Thursday, April 11, 2013

Tzinga vs. Red Bull – Understanding local youth

Have you ever heard the name of an energy drink Tzinga? Am sure, you will take time to recollect.  It’s neither the Red Bull nor any international brand with global market share. This Indian energy drink brand’s parent company is called Hector Beverages, after Hector of Troy from Greek mythology, who walked out to battle Achilles, considered a superior fighter. But how can a local brand stands in front of Red Bull? Last year, RedBull posted $5.2 billion in sales and about $800 million in profits, growing 11 per cent during one of the worst slowdowns in global history. In India, Red Bull is the undisputed champ, accounting for about 80 per cent of sales in a Rs 350-500-crore energy drink market that is growing at about 25 per cent annually, according to industry experts.

But, within merely two years of opening a factory and launching the product, Tzinga is a ubiquitous presence in the fridges of kirana stores in urban India, churning out about a million of its utilitarian pouches a month from its Gurgaon factory. It supplies about 45,000 outlets in 45 cities across 22 states. Kakkar says Tzinga is a clear leader in markets such as Bangalore, Hyderabad, Goa and the Northeast, but lags Red Bull in Pune and Mumbai. Tzinga has a clear edge in pricing: Rs 25 for a funky, 200-ml pouch, against Rs 85-100 charged by the competition. Moreover, it’s packaging is flexible and much cheaper than the cans.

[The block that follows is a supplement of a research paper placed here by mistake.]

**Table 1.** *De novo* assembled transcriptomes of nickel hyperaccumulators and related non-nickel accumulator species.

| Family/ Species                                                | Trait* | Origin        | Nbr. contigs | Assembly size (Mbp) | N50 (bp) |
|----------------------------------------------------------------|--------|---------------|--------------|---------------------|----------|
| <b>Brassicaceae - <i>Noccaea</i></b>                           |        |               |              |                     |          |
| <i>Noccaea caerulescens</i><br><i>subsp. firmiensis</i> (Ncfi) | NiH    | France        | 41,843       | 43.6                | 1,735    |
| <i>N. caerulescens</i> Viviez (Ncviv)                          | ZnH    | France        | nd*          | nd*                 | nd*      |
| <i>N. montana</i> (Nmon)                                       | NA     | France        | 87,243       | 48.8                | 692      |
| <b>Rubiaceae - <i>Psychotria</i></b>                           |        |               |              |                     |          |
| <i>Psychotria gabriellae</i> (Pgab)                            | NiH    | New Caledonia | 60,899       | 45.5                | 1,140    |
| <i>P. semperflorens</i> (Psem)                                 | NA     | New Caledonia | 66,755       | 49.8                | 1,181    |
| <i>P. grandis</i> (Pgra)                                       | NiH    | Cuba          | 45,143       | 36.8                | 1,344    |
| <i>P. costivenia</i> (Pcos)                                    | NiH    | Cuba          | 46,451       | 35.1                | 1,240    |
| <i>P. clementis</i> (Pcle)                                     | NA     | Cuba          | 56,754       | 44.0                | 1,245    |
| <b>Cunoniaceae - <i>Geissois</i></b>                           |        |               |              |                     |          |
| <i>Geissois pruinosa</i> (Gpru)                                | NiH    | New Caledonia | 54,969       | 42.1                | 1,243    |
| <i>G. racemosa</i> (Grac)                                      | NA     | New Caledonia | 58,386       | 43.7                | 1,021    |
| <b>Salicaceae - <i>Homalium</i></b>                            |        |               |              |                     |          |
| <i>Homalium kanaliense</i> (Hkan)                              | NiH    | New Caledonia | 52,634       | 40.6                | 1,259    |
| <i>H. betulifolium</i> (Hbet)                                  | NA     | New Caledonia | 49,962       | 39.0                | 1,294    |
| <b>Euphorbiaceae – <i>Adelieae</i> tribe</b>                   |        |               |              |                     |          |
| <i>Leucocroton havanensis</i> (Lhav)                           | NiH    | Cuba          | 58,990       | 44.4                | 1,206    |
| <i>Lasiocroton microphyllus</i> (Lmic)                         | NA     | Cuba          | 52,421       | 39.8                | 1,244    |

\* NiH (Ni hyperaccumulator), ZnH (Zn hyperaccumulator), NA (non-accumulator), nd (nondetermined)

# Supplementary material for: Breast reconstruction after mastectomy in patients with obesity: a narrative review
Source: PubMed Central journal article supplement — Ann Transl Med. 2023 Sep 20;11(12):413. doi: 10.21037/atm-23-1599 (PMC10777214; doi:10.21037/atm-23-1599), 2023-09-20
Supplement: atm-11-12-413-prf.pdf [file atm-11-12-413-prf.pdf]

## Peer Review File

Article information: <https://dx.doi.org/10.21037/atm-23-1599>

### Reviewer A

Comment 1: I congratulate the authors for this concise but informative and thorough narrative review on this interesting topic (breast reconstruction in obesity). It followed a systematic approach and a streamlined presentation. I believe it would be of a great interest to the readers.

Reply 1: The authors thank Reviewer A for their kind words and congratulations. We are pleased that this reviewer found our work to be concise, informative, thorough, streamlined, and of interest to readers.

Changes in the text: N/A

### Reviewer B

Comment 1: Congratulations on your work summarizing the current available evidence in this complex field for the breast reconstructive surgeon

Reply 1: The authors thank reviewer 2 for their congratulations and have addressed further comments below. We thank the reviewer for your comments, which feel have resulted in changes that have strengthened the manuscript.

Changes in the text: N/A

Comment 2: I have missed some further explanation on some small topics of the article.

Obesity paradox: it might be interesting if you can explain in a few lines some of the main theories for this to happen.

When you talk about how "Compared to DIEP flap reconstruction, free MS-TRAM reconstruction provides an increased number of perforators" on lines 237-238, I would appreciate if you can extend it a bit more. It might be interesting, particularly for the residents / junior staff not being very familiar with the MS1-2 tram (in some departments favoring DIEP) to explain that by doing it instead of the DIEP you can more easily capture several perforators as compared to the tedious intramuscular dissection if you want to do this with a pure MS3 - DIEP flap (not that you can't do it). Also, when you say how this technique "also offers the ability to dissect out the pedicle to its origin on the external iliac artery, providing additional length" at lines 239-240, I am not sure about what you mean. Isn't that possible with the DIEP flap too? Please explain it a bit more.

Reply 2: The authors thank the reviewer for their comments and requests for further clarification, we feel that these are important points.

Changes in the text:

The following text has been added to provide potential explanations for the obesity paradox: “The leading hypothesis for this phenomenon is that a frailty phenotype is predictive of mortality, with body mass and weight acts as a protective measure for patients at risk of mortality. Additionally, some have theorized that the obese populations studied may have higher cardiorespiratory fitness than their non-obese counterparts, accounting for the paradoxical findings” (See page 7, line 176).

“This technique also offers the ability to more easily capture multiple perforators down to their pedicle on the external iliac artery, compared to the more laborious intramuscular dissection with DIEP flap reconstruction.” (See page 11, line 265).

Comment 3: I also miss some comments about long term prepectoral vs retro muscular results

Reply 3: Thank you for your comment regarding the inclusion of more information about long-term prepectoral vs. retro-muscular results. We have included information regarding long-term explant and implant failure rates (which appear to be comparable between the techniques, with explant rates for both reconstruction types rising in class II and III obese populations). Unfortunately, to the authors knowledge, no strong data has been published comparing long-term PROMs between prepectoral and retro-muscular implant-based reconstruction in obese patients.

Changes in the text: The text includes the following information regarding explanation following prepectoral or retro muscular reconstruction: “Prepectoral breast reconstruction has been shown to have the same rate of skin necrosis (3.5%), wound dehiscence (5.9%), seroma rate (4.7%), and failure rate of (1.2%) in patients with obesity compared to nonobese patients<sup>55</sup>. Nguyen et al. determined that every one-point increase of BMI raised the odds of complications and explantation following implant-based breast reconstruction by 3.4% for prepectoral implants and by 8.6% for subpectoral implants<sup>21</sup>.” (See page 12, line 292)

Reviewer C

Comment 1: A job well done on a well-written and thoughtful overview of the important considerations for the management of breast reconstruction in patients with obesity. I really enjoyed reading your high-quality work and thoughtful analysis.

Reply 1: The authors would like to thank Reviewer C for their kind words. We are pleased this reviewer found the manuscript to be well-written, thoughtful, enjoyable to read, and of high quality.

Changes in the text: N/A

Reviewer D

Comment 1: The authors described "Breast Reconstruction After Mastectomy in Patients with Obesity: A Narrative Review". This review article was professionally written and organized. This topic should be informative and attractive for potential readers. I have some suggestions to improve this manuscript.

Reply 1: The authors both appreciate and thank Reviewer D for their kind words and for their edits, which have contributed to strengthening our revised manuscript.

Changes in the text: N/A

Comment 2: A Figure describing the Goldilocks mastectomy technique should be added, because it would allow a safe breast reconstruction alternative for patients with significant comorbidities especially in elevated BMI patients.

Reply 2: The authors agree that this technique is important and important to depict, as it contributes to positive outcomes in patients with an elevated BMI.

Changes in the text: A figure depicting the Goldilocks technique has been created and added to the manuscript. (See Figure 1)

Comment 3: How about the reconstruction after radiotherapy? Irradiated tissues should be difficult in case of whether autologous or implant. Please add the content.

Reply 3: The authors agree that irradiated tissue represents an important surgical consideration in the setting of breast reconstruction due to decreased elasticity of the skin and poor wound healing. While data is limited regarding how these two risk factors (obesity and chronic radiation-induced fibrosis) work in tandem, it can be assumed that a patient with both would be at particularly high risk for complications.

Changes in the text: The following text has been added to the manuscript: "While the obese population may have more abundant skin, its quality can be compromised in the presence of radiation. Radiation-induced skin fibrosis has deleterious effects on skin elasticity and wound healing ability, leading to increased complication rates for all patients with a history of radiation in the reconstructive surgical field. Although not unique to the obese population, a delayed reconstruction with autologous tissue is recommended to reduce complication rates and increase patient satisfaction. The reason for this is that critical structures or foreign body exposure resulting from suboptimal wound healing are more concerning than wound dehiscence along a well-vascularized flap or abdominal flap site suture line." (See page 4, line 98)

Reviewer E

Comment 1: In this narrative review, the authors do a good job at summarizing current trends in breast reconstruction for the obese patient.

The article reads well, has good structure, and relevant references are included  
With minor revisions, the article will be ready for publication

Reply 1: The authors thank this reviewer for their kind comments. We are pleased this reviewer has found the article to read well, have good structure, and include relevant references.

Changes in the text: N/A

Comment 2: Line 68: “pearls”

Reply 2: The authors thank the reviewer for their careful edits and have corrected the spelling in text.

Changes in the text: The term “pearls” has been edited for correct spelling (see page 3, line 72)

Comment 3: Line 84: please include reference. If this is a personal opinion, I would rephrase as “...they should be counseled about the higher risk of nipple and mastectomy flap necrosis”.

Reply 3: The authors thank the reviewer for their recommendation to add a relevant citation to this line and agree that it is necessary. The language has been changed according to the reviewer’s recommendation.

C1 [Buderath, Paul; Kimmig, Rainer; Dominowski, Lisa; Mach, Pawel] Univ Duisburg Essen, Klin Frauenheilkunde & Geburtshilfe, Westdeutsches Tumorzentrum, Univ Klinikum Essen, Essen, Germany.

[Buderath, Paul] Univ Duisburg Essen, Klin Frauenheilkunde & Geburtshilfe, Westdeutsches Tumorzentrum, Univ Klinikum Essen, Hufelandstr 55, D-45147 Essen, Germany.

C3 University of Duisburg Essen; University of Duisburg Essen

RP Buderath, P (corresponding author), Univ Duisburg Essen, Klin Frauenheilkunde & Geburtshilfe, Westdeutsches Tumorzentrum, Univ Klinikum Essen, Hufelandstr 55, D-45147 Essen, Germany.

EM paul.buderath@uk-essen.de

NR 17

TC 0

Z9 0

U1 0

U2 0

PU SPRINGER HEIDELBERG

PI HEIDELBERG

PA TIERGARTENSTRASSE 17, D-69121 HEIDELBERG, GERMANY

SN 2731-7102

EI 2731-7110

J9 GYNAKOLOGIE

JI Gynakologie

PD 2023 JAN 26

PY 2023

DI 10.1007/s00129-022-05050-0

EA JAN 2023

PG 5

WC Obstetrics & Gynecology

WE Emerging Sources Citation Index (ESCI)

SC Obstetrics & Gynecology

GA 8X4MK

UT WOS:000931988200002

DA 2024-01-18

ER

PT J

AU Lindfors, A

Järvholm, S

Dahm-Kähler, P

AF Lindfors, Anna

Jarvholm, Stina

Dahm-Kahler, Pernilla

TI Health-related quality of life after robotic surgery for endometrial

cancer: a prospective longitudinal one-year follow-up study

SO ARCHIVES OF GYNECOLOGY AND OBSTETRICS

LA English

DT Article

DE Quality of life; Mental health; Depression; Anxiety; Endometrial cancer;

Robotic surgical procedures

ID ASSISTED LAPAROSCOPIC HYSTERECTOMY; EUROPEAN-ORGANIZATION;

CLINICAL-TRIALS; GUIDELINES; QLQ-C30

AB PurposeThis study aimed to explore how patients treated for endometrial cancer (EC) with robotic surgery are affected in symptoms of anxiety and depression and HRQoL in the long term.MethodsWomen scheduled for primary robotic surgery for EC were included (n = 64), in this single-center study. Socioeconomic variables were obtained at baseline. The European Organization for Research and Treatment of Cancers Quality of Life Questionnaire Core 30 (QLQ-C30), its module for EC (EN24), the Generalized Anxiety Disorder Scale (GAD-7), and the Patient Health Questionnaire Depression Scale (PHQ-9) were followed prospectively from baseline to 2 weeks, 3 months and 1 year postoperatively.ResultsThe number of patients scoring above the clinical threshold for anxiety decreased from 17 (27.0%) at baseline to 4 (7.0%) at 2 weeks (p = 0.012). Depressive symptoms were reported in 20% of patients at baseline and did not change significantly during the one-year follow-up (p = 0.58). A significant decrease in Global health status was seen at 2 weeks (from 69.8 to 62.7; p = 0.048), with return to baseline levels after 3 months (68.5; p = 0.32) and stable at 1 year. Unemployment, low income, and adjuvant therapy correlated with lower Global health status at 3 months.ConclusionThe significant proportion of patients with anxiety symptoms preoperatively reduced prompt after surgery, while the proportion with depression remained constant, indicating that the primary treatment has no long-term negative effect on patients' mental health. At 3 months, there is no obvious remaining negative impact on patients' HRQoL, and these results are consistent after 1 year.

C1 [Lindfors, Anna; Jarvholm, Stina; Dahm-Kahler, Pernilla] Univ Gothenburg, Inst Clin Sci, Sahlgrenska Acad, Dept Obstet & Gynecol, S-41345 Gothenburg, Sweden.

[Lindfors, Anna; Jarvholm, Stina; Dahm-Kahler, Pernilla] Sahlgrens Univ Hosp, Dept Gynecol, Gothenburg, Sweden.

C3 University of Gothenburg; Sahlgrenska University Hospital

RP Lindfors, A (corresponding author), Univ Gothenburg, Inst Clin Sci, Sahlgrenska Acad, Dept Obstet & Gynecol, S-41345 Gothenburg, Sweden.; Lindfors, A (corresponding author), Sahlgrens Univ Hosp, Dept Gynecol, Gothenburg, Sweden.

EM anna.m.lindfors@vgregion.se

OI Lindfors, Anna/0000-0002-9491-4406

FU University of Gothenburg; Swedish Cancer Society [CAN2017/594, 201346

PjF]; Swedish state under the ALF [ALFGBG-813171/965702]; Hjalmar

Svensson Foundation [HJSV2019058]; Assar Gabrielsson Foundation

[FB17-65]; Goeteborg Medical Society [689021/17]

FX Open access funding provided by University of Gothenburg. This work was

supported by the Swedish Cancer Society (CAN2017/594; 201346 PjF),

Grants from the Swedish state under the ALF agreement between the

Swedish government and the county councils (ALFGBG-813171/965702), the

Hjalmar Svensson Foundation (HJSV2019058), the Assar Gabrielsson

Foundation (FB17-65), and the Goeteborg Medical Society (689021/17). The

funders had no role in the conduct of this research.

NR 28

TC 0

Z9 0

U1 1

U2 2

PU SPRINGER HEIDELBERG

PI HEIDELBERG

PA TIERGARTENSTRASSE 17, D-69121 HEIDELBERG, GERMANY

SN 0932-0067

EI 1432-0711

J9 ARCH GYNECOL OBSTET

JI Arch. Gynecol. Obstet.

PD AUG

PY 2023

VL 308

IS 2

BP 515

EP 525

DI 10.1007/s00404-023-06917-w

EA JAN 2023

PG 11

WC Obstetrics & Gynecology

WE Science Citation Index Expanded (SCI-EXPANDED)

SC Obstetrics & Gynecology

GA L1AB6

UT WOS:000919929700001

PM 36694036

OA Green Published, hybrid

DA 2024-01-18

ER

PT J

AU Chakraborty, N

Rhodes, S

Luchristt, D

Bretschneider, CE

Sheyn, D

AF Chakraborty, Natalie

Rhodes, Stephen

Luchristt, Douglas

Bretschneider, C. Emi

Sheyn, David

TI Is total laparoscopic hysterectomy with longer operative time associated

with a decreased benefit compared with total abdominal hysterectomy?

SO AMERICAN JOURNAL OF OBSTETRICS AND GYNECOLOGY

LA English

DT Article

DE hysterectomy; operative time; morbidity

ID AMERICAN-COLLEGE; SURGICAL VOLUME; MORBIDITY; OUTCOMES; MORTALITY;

The real edge of the brand came with it’s local understanding of the ‘need’.  The need of mass India (which constitutes 97% of Indian population) and their natural expectation from an energy drink. When Red Bull is targeting merely 3% pf population with it’s glam stunt oriented ‘ Red Bull gives you wings’ Tzinga is waving towards the rest!